DETROIT — K.D. Bullock had been retired from the Detroit Police Department for nearly 17 years and was working as a casino security supervisor when he encountered a problem last March. Long accustomed to working on his feet, he suddenly couldn’t make it up a flight of stairs.
After months of doctor’s appointments, he was diagnosed with rheumatoid arthritis, which makes it difficult for him to breathe.
He not only left his job but had to begin paying others for the fix-up work he’d been doing on his historic six-bedroom house.
Now, he could be facing another hit, this time to his $2,400-a-month pension.
The pensions earned by more than 21,000 retired municipal employees have been placed on the table as Detroit enters bankruptcy proceedings with debts that could amount to $20 billion. Labor unions insist the $3.5 billion in pension benefits are protected by state law, but the city’s emergency manager has included them among the $11 billion in unsecured debt that can be whittled down through bankruptcy.
A federal judge has scheduled the first hearing on the city’s case for today.
The prospect of sharply reduced pension checks has sent a jolt through retired workers who always counted on their pensions, who sometimes sought promotions just to sweeten the pot, and never imagined they could be in danger even as the city’s worsening finances finally led to its bankruptcy filing last week.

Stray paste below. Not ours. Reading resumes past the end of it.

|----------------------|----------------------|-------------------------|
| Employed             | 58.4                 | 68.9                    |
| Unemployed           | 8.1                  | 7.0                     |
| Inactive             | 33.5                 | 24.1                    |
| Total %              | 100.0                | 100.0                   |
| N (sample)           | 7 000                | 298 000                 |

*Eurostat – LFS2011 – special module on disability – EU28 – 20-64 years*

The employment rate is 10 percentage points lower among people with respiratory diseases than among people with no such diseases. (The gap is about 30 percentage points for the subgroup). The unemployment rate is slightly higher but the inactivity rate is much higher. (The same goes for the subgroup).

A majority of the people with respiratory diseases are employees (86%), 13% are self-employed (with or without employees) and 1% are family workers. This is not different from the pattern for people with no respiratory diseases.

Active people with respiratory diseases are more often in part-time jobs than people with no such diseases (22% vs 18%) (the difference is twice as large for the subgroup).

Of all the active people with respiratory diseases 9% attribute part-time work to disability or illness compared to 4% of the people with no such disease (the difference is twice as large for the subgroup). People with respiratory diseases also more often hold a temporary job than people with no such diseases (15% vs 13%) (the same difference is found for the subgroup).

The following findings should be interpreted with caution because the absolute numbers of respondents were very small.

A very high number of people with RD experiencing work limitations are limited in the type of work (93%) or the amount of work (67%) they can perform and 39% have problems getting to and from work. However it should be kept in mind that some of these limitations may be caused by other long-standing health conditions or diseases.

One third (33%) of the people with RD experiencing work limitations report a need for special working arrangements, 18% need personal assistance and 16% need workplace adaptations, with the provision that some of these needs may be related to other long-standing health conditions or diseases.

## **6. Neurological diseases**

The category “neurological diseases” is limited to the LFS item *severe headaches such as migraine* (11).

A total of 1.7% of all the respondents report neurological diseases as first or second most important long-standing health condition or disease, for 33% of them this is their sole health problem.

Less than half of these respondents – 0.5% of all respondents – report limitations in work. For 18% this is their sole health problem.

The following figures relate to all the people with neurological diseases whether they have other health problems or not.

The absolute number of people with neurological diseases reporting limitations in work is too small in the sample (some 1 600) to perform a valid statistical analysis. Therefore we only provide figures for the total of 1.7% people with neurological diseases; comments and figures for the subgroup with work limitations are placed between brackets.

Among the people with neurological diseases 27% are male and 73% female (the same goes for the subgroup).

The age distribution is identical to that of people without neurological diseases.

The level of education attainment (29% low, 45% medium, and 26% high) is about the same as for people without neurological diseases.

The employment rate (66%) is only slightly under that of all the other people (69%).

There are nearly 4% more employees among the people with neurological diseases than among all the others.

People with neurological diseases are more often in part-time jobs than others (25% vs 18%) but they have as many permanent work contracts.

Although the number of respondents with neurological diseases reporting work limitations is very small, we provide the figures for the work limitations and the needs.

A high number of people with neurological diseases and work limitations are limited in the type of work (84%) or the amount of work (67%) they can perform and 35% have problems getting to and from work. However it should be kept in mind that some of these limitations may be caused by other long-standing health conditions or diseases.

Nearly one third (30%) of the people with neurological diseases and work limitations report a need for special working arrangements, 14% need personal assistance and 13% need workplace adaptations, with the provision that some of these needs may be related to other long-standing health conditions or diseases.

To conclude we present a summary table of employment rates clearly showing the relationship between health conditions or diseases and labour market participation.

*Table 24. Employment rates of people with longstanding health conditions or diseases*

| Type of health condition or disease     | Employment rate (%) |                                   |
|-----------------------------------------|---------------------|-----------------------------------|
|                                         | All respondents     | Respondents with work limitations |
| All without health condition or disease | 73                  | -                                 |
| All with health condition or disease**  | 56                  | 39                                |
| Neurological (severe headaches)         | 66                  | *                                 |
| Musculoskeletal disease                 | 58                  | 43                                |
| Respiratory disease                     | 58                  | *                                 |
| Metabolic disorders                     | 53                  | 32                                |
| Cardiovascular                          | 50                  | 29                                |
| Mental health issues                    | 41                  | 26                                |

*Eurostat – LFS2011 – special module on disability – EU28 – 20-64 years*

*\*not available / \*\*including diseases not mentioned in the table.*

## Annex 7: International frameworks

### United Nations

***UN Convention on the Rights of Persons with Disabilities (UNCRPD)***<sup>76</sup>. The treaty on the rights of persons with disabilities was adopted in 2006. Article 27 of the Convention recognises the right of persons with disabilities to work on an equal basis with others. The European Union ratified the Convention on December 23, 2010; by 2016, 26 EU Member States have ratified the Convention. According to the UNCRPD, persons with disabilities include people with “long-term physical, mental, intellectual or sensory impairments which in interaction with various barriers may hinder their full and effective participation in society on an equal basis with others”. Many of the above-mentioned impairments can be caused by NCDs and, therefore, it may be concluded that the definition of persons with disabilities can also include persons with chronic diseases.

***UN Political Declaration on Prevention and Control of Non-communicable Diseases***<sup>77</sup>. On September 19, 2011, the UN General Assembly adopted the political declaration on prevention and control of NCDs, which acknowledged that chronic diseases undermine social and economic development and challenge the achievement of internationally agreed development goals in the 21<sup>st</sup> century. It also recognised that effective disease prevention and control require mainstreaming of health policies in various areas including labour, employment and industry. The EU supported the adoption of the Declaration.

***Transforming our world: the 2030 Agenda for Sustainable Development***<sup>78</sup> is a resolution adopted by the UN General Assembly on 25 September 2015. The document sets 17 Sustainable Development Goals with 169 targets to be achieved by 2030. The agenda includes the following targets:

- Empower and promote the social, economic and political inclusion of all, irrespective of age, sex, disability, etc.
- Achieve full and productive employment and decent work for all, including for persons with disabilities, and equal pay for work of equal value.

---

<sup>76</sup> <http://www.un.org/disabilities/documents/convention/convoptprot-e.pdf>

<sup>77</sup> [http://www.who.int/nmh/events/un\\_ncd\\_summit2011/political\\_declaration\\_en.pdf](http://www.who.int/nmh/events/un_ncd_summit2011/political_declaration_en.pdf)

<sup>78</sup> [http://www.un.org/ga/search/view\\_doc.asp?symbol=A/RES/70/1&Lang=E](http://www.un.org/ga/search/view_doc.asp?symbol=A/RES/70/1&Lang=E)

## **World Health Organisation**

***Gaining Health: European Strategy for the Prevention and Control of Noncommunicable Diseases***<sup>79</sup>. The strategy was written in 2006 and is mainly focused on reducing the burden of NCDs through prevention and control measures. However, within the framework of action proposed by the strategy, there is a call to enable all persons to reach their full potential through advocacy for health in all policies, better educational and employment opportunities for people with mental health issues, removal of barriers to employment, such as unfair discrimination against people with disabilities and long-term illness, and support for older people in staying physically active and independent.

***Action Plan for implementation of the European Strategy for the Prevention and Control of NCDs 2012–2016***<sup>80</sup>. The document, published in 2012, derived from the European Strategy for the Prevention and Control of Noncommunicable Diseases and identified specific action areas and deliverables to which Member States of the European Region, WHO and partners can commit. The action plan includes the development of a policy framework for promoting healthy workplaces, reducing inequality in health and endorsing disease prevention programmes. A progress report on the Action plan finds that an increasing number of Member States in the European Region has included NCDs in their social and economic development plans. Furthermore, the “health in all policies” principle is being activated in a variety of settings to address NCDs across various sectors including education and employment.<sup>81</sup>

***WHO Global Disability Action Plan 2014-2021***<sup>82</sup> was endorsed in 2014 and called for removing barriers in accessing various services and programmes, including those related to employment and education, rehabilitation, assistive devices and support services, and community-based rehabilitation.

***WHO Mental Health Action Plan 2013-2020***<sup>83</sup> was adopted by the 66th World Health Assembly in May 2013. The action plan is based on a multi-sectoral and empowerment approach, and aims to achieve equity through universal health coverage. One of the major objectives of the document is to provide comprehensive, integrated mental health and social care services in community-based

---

The average annual pension payment for Detroit municipal retirees is about $19,000. Retired police officers and firefighters receive an average of $30,500. Top executives and chiefs can receive $100,000.
Police and firefighters don’t pay into the Social Security system, so they don’t receive Social Security benefits upon retiring.
Mr. Bullock, 70, said the idea that his pension could be reduced is “a hard pill to swallow” after 27 years on the force working his way up.
He said he was proud to be the first black commanding officer of the department’s communications system.
Retirees are putting their hopes in state lawsuits filed by the pension funds.
They argue that pensions are protected by the Michigan Constitution and should not be part of the bankruptcy process. The bankruptcy judge will likely rule on whether federal bankruptcy law supersedes the state guarantee.